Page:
Older People Living with Cancer

Peer advocates supporting older people affected by cancer

Emotional exhaustion

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I’ve just watched the BBC One programme The Big C & Me. I didn’t watch it because I wanted to rather I watched it because I felt I should. As the mother of a now 25 year old son diagnosed with secondary cancer almost 18  months ago I now realise that I have been actively avoiding programmes, books and articles about cancer.

Now that’s a bit ironic when I do the job I do and which currently is heavily focused on advocacy for older people affected by cancer. Personally, I call it self-preservation.

Well, watch the Big C & Me I did. It tells stories of real people affected by cancer. It has happy moments and deeply sad moments and this is only episode one. It’s narrated by the BBC’s own Victoria Derbyshire who was diagnosed with breast cancer last July and who filmed her own breast cancer diary.

While watching the programme it really hit home to me where our peer volunteer advocates make the biggest difference when supporting other older people affected by cancer. It’s because they’ve been there, done that and have the t-shirt. As I watched Yvette, one of the three people featured in the programme, receive bad news I relived that moment when my son received his traumatic news. I know all too well that heave in the pit of your stomach. Our peer advocates know that heave too. They understand the absolute emotional exhaustion that can take hold at any point in the long haul of living with cancer.

Our wonderful medical staff treat those diagnosed with all the tools available to them. However, unless they’ve actually been on the receiving end of a diagnosis they can’t fully comprehend the impact. Our advocates can and that’s what makes the support they provide so unique. It’s that understanding which nurtures the supporting and empowering advocacy relationship.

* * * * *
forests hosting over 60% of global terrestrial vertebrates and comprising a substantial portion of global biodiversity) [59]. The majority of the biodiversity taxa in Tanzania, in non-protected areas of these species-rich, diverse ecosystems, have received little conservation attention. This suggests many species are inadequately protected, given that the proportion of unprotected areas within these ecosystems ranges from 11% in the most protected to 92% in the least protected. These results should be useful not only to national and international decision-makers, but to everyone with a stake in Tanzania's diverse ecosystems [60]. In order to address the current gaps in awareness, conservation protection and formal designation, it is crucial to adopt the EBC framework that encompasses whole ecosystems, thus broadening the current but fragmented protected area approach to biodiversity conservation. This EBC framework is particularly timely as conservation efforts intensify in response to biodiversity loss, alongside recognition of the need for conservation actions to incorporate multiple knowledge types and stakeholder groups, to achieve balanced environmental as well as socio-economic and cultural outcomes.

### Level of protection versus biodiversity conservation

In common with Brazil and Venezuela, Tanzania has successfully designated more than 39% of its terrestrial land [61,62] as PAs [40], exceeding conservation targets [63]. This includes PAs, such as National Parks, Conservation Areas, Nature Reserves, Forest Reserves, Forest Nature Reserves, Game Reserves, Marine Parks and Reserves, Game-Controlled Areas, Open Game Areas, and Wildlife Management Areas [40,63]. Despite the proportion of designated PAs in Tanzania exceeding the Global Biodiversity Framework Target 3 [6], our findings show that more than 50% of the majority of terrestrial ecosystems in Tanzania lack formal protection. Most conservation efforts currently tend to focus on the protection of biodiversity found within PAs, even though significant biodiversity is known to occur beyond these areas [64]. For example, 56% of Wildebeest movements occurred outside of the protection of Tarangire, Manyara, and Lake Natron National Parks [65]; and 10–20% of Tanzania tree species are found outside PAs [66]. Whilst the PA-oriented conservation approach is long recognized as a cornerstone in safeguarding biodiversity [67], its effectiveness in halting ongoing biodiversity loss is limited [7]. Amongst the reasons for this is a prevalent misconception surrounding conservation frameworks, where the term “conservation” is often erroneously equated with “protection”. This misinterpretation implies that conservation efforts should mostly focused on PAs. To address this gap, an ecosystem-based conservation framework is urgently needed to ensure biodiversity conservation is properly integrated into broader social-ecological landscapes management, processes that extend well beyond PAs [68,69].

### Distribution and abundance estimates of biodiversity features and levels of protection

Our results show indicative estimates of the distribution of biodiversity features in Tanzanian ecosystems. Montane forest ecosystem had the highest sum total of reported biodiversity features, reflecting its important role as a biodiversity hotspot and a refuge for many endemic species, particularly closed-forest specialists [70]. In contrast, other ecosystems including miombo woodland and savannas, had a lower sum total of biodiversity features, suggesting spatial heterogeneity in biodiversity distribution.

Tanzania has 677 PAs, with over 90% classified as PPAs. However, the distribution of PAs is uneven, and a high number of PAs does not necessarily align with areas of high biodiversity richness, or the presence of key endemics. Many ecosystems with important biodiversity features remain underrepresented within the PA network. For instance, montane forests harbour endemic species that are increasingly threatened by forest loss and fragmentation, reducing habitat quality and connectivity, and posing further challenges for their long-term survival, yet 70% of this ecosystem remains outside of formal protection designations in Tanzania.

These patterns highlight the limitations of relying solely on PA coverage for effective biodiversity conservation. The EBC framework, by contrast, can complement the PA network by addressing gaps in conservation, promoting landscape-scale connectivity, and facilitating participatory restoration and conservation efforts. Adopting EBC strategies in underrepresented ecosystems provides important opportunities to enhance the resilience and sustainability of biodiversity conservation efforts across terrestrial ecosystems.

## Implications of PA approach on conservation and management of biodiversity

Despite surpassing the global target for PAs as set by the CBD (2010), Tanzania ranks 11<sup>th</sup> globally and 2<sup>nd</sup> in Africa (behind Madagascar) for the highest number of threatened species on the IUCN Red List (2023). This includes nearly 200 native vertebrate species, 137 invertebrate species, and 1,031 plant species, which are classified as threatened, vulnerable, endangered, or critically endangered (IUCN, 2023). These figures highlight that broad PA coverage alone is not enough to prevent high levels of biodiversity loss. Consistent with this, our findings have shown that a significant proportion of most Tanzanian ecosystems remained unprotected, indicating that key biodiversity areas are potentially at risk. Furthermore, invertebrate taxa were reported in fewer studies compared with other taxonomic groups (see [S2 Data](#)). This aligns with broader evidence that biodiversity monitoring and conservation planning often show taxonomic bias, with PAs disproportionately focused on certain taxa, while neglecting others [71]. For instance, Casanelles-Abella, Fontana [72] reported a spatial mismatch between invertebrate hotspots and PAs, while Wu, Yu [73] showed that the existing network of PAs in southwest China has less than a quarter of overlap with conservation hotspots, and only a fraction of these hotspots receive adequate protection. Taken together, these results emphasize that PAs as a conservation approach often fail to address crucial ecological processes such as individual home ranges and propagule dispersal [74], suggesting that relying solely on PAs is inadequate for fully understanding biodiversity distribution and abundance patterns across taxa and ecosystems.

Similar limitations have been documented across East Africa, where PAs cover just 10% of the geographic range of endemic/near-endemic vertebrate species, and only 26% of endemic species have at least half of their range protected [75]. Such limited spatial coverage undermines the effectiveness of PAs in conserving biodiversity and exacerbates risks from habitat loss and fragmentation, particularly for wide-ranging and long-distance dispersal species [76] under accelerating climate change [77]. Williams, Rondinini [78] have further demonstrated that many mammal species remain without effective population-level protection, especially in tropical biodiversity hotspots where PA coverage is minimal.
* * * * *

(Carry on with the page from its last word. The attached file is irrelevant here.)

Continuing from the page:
One issue raised in last night’s episode of the Big C & Me was about how those affected by cancer don’t want sympathy. Ideally, they don’t want friends and acquaintances to treat them any differently than before. With that in mind the BBC and the Open University have produced a booklet entitled The Big C: Making a difference for people living with cancer. To find out more and to order a copy of the leaflet click here

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The Open University is also running a discussion hub “What is helpful for someone undergoing treatment for cancer: Which little kindnesses can you employ to help someone who is undergoing treatment for cancer and their families?” You can join the discussion forum here to have your say.

Marie McWilliams, OPAAL

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Author: Marie McWilliams

OPAAL's National Development Officer

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